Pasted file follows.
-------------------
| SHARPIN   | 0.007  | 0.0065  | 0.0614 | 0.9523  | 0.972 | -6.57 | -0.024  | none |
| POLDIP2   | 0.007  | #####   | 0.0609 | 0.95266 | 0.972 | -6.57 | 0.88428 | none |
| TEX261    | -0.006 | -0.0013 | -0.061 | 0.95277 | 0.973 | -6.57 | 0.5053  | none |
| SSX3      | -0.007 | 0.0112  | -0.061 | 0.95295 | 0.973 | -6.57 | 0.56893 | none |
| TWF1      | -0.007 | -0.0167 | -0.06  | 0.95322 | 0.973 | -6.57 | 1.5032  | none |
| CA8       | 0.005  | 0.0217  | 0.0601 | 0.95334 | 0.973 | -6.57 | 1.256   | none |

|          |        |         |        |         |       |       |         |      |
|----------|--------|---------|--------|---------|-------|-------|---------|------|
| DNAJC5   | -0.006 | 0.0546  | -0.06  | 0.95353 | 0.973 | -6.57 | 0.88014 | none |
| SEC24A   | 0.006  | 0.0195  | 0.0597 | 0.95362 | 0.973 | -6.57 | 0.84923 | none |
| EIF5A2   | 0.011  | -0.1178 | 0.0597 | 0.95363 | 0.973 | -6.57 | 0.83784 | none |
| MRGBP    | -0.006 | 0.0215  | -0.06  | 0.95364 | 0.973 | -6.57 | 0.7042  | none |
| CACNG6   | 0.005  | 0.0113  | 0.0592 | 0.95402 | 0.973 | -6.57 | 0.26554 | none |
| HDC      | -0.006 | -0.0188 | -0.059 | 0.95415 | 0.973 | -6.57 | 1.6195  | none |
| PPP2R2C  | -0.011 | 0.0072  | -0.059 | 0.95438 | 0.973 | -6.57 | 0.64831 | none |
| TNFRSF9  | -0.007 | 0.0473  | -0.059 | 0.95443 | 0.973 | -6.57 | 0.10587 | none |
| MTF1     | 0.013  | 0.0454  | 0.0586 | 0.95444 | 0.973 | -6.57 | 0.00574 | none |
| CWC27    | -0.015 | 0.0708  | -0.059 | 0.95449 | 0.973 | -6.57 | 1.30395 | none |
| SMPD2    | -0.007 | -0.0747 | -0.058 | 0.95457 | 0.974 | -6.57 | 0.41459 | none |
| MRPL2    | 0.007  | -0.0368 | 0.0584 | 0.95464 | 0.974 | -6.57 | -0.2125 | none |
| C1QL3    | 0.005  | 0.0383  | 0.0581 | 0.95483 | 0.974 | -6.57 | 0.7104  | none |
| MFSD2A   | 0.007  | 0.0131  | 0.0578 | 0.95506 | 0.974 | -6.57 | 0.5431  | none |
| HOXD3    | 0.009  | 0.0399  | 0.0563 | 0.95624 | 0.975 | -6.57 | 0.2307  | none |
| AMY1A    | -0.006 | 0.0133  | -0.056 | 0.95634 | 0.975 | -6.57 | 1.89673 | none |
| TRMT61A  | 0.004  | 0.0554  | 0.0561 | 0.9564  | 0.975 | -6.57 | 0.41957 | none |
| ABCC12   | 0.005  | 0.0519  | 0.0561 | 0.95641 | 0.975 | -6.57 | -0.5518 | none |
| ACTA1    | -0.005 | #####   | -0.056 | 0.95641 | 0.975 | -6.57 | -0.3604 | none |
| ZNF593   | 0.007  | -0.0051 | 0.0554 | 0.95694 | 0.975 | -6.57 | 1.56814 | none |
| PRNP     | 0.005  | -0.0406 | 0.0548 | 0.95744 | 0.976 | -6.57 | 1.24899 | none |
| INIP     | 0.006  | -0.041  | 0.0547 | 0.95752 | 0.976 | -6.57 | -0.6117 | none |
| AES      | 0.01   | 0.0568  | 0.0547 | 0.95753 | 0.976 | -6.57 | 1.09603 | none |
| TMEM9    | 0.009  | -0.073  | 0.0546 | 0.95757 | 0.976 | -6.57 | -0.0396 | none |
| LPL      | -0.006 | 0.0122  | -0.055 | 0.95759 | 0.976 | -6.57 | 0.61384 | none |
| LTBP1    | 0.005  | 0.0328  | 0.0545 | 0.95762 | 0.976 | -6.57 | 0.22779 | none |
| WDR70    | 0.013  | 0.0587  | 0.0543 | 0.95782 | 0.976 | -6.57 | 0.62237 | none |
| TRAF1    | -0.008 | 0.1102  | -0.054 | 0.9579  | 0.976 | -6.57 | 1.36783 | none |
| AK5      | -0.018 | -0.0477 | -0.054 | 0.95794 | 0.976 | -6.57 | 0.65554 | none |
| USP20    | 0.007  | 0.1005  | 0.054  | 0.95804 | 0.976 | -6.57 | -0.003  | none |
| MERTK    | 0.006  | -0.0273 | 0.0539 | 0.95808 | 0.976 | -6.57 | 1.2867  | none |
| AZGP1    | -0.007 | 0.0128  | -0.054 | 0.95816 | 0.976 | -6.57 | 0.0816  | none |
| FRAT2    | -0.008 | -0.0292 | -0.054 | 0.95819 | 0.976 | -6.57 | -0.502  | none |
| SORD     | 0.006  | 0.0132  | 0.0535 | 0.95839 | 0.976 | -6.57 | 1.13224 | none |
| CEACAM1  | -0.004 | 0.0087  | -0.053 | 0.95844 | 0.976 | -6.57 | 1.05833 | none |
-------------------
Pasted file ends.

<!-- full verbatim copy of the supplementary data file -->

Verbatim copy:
| SHARPIN   | 0.007  | 0.0065  | 0.0614 | 0.9523  | 0.972 | -6.57 | -0.024  | none |
| POLDIP2   | 0.007  | #####   | 0.0609 | 0.95266 | 0.972 | -6.57 | 0.88428 | none |
| TEX261    | -0.006 | -0.0013 | -0.061 | 0.95277 | 0.973 | -6.57 | 0.5053  | none |
| SSX3      | -0.007 | 0.0112  | -0.061 | 0.95295 | 0.973 | -6.57 | 0.56893 | none |
| TWF1      | -0.007 | -0.0167 | -0.06  | 0.95322 | 0.973 | -6.57 | 1.5032  | none |
| CA8       | 0.005  | 0.0217  | 0.0601 | 0.95334 | 0.973 | -6.57 | 1.256   | none |

|          |        |         |        |         |       |       |         |      |
|----------|--------|---------|--------|---------|-------|-------|---------|------|
| DNAJC5   | -0.006 | 0.0546  | -0.06  | 0.95353 | 0.973 | -6.57 | 0.88014 | none |
| SEC24A   | 0.006  | 0.0195  | 0.0597 | 0.95362 | 0.973 | -6.57 | 0.84923 | none |
| EIF5A2   | 0.011  | -0.1178 | 0.0597 | 0.95363 | 0.973 | -6.57 | 0.83784 | none |
| MRGBP    | -0.006 | 0.0215  | -0.06  | 0.95364 | 0.973 | -6.57 | 0.7042  | none |
| CACNG6   | 0.005  | 0.0113  | 0.0592 | 0.95402 | 0.973 | -6.57 | 0.26554 | none |
| HDC      | -0.006 | -0.0188 | -0.059 | 0.95415 | 0.973 | -6.57 | 1.6195  | none |
| PPP2R2C  | -0.011 | 0.0072  | -0.059 | 0.95438 | 0.973 | -6.57 | 0.64831 | none |
| TNFRSF9  | -0.007 | 0.0473  | -0.059 | 0.95443 | 0.973 | -6.57 | 0.10587 | none |
| MTF1     | 0.013  | 0.0454  | 0.0586 | 0.95444 | 0.973 | -6.57 | 0.00574 | none |
| CWC27    | -0.015 | 0.0708  | -0.059 | 0.95449 | 0.973 | -6.57 | 1.30395 | none |
| SMPD2    | -0.007 | -0.0747 | -0.058 | 0.95457 | 0.974 | -6.57 | 0.41459 | none |
| MRPL2    | 0.007  | -0.0368 | 0.0584 | 0.95464 | 0.974 | -6.57 | -0.2125 | none |
| C1QL3    | 0.005  | 0.0383  | 0.0581 | 0.95483 | 0.974 | -6.57 | 0.7104  | none |
| MFSD2A   | 0.007  | 0.0131  | 0.0578 | 0.95506 | 0.974 | -6.57 | 0.5431  | none |
| HOXD3    | 0.009  | 0.0399  | 0.0563 | 0.95624 | 0.975 | -6.57 | 0.2307  | none |
| AMY1A    | -0.006 | 0.0133  | -0.056 | 0.95634 | 0.975 | -6.57 | 1.89673 | none |
| TRMT61A  | 0.004  | 0.0554  | 0.0561 | 0.9564  | 0.975 | -6.57 | 0.41957 | none |
| ABCC12   | 0.005  | 0.0519  | 0.0561 | 0.95641 | 0.975 | -6.57 | -0.5518 | none |
| ACTA1    | -0.005 | #####   | -0.056 | 0.95641 | 0.975 | -6.57 | -0.3604 | none |
| ZNF593   | 0.007  | -0.0051 | 0.0554 | 0.95694 | 0.975 | -6.57 | 1.56814 | none |
| PRNP     | 0.005  | -0.0406 | 0.0548 | 0.95744 | 0.976 | -6.57 | 1.24899 | none |
| INIP     | 0.006  | -0.041  | 0.0547 | 0.95752 | 0.976 | -6.57 | -0.6117 | none |
| AES      | 0.01   | 0.0568  | 0.0547 | 0.95753 | 0.976 | -6.57 | 1.09603 | none |
| TMEM9    | 0.009  | -0.073  | 0.0546 | 0.95757 | 0.976 | -6.57 | -0.0396 | none |
| LPL      | -0.006 | 0.0122  | -0.055 | 0.95759 | 0.976 | -6.57 | 0.61384 | none |
| LTBP1    | 0.005  | 0.0328  | 0.0545 | 0.95762 | 0.976 | -6.57 | 0.22779 | none |
| WDR70    | 0.013  | 0.0587  | 0.0543 | 0.95782 | 0.976 | -6.57 | 0.62237 | none |
| TRAF1    | -0.008 | 0.1102  | -0.054 | 0.9579  | 0.976 | -6.57 | 1.36783 | none |
| AK5      | -0.018 | -0.0477 | -0.054 | 0.95794 | 0.976 | -6.57 | 0.65554 | none |
| USP20    | 0.007  | 0.1005  | 0.054  | 0.95804 | 0.976 | -6.57 | -0.003  | none |
| MERTK    | 0.006  | -0.0273 | 0.0539 | 0.95808 | 0.976 | -6.57 | 1.2867  | none |
| AZGP1    | -0.007 | 0.0128  | -0.054 | 0.95816 | 0.976 | -6.57 | 0.0816  | none |
| FRAT2    | -0.008 | -0.0292 | -0.054 | 0.95819 | 0.976 | -6.57 | -0.502  | none |
| SORD     | 0.006  | 0.0132  | 0.0535 | 0.95839 | 0.976 | -6.57 | 1.13224 | none |
| CEACAM1  | -0.004 | 0.0087  | -0.053 | 0.95844 | 0.976 | -6.57 | 1.05833 | none |